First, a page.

Dear Friends and Colleagues,
I was able to attend this congress for the fourth time now. Each time I have found the most fascinating discussion goes on amongst this group of performing arts presenters from around the world. ISPA attracts some really big organizations, as well as the littler ones. Chances are if you are reading this, you’ve been in a members venue or seen an artist who was a member or represented by one. This year the conference focus was on “The Culture of Innovation” Here’s a quote from their website:
“Over the past few years most regions experienced profound changes be they economic, political or social. But did arts organizations and their leaders become more innovative in tackling these challenges or did they in fact retrench? As new technologies and leadership models became available did we as an industry exploit these tools to our best advantage? Over 440 delegates from 50 countries came together over the course of three days to explore these questions.”
I am sharing my notes and photos here. I hope you enjoy this small snapshot of the sessions, and if you’re an artist, a student or otherwise “in the biz” in the big apple in January next year, ISPA 2014 should be on your radar of things to check out.
Peace and love.
Rebecca Singh for Theatre Local
INTERNATIONAL SOCIETY OF THE PERFORMING ARTS
New York Congress 2013
OPENING CEREMONY and WELCOME
We are encouraged to talk to one another.
THEME ADDRESS I | David Lang
“Everyone that makes stuff in the arts spends their entire life thinking that they will not gain the appreciation they deserve,” he did too. But then things changed. He’s spent the last few years thinking “I was a barbarian and now I’m a lion of culture”. He said “We take it for granted that music is somehow autobiographical. If this is true then there is the second assumption that the composers are proud of these traits.” He decided to examine this and wanted to make a piece that showed how “dishonourable” his own path is. “My job has become a kind of mission to see the paths, to walk through them, to explore them.”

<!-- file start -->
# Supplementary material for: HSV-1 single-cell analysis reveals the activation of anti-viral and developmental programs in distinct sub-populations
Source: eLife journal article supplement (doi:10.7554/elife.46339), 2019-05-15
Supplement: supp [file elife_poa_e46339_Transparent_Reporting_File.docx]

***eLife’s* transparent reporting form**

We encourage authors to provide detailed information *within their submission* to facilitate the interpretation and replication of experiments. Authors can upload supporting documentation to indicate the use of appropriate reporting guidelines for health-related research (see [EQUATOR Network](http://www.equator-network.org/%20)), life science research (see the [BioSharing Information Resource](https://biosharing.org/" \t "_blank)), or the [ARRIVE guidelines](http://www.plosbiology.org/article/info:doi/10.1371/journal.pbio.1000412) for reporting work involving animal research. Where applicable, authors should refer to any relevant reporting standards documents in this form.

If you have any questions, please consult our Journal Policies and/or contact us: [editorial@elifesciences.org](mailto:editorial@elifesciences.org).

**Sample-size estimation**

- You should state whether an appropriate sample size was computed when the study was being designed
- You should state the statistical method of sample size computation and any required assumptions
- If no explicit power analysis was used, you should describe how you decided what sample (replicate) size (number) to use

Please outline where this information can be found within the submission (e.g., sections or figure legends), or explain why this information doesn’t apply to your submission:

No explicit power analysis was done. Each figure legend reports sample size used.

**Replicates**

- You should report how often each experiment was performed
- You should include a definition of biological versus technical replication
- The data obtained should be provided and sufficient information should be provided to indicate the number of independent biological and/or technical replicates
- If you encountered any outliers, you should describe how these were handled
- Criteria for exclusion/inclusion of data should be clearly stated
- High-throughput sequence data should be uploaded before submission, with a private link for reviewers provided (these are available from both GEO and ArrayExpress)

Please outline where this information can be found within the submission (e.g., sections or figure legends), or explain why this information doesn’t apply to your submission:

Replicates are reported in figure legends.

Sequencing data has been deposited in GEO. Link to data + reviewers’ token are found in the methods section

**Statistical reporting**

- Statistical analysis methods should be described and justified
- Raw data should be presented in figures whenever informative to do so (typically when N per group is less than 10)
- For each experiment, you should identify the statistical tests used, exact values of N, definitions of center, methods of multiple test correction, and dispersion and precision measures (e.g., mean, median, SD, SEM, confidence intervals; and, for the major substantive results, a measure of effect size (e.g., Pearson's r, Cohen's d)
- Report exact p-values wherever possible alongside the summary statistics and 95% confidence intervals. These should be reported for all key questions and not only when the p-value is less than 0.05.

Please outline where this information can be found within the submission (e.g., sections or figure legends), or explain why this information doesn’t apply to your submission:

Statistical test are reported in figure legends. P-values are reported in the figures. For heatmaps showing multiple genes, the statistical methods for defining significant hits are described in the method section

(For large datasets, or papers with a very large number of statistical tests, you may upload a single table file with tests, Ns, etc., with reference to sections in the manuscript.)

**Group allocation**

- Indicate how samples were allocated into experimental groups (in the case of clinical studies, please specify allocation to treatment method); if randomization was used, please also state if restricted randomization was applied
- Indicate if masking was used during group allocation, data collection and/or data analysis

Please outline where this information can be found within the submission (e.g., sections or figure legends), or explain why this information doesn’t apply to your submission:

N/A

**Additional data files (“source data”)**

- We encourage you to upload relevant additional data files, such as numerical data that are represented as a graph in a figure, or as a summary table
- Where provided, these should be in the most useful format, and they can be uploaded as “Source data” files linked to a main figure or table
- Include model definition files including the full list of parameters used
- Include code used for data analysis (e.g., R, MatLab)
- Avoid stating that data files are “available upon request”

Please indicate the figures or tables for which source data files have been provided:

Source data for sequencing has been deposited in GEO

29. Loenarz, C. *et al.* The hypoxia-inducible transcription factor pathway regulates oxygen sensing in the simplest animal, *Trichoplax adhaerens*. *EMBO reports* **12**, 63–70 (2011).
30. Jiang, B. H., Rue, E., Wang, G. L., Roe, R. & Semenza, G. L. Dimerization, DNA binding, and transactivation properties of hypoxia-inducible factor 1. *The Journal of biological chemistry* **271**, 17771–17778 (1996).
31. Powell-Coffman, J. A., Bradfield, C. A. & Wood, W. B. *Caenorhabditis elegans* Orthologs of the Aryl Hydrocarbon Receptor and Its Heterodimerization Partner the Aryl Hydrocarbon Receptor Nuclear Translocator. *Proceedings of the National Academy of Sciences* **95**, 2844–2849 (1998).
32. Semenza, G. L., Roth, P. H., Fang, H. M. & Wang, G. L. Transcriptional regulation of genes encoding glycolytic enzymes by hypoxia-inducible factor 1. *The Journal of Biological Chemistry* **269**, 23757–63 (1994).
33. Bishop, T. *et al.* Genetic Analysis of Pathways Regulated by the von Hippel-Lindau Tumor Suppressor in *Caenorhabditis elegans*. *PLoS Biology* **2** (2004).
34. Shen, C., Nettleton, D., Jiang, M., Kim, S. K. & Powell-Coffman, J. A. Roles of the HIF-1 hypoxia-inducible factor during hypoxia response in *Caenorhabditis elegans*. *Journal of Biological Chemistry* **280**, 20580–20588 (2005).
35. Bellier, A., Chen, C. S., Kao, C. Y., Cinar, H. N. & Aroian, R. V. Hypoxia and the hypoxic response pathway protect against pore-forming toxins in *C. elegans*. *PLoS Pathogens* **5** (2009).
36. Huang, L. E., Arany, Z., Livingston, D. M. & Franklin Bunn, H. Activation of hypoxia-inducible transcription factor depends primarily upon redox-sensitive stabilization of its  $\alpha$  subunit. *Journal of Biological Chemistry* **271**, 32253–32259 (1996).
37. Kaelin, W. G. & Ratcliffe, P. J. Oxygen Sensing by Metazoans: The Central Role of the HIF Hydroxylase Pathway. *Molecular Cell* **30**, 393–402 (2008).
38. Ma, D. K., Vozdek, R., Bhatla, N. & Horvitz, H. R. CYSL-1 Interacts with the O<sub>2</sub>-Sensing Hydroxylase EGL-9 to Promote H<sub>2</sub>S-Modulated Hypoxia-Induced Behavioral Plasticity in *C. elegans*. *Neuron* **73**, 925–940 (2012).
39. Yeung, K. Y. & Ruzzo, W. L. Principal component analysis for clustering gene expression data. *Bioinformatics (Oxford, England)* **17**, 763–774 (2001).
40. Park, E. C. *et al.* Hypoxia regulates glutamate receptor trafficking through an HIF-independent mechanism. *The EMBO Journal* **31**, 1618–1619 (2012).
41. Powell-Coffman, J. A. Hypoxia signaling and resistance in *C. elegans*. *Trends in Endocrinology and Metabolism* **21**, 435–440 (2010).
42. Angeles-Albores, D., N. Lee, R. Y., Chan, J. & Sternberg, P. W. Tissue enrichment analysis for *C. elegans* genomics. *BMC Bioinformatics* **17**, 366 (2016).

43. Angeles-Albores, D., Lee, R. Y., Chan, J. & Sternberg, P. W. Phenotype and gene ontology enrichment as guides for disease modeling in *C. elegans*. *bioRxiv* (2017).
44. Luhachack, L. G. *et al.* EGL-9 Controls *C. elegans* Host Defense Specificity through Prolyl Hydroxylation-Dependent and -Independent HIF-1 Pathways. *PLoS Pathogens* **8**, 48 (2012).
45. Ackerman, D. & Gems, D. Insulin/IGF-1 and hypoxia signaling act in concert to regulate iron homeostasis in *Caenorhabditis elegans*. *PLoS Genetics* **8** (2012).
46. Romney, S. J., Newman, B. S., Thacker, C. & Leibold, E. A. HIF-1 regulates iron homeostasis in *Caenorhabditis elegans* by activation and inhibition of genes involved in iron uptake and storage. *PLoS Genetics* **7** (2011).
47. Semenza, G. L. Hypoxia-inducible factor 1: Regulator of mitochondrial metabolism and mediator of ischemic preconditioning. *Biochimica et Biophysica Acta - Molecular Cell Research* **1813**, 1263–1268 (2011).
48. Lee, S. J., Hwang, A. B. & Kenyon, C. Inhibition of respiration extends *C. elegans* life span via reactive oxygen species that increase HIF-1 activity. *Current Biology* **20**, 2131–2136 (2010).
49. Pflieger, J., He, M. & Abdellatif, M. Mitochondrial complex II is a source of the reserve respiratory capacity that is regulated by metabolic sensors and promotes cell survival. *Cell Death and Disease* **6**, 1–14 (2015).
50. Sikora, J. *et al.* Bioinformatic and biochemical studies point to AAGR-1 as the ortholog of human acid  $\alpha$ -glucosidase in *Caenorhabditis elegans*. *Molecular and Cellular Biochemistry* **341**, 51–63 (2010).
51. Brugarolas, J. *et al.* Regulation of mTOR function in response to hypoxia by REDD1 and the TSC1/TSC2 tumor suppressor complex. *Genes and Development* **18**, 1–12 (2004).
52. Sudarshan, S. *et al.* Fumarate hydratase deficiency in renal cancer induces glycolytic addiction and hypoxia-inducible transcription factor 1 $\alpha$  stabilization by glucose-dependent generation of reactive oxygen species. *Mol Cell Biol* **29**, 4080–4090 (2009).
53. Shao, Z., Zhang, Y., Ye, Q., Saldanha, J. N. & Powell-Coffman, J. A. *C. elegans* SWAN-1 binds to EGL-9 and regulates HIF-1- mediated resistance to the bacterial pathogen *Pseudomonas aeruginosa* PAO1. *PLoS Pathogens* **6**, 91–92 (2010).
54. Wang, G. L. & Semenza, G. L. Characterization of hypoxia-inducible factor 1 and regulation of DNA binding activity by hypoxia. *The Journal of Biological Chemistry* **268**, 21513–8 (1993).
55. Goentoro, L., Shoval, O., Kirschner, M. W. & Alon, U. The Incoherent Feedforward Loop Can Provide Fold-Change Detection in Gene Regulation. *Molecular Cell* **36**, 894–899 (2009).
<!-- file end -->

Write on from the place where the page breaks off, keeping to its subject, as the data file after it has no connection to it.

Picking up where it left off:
With most of his performances David now tries to figure out things that can only be done live. He wanted to make a piece that can never be amplified recorded or videotaped. The idea is that you have to be next to the singer to hear it. He made “The Whisper Opera”, 10 people can hear it.
Perspective of a
musician innovator: “You’re in your studio thinking – how much of the world has to change so that I can get this work out there? How much of the work is tied to the ecology of the work? How much of it (the ecology) needs to change to get the work out there? What has to change so that people can hear that note?”
“These (classical) pieces still have their power, and it’s our job to open doors to them.”
“My wife is a conceptual artist and all my friends are conceptual artists.”
“Music is the byproduct of some kind of intellectual activity.”
@theatrelocal David Lang’s “The Whisper Opera” is written for a 10 person audience. Nice.
REGIONAL UPDATE | Brazil
SESSION I | Reinventing the Wheel: Artistic Intervention
Should artists consistently innovate or is there good reason to sometimes leave well enough alone? How do we balance artistic innovation with competing demands of other key stakeholders? We will explore these questions through the prism of different cultures and disciplines. -ISPA
Moderator | Graham Sheffield (British Council, United Kingdom)
Moderator: To what extent is “innovation” as a term ,a driving force for your work? And to what context does it give in the environment you are from?
Sulayman: One of theaters beauties is its relative poverty. It’s simple elements require to be up-ended and overturned. Sometimes less is definitely more.
Kate: Having something (ie. an design element of production) that you’ve never seen before helps given gives an excitement to the end product. Thinking as an entrepreneur is part of what I am as a director. Part of my demographic.
Diane: When I think about innovation, I think about the audience. Audiences said they didn’t feel connected anymore. I was really interested in what happened. What went dry at this theater?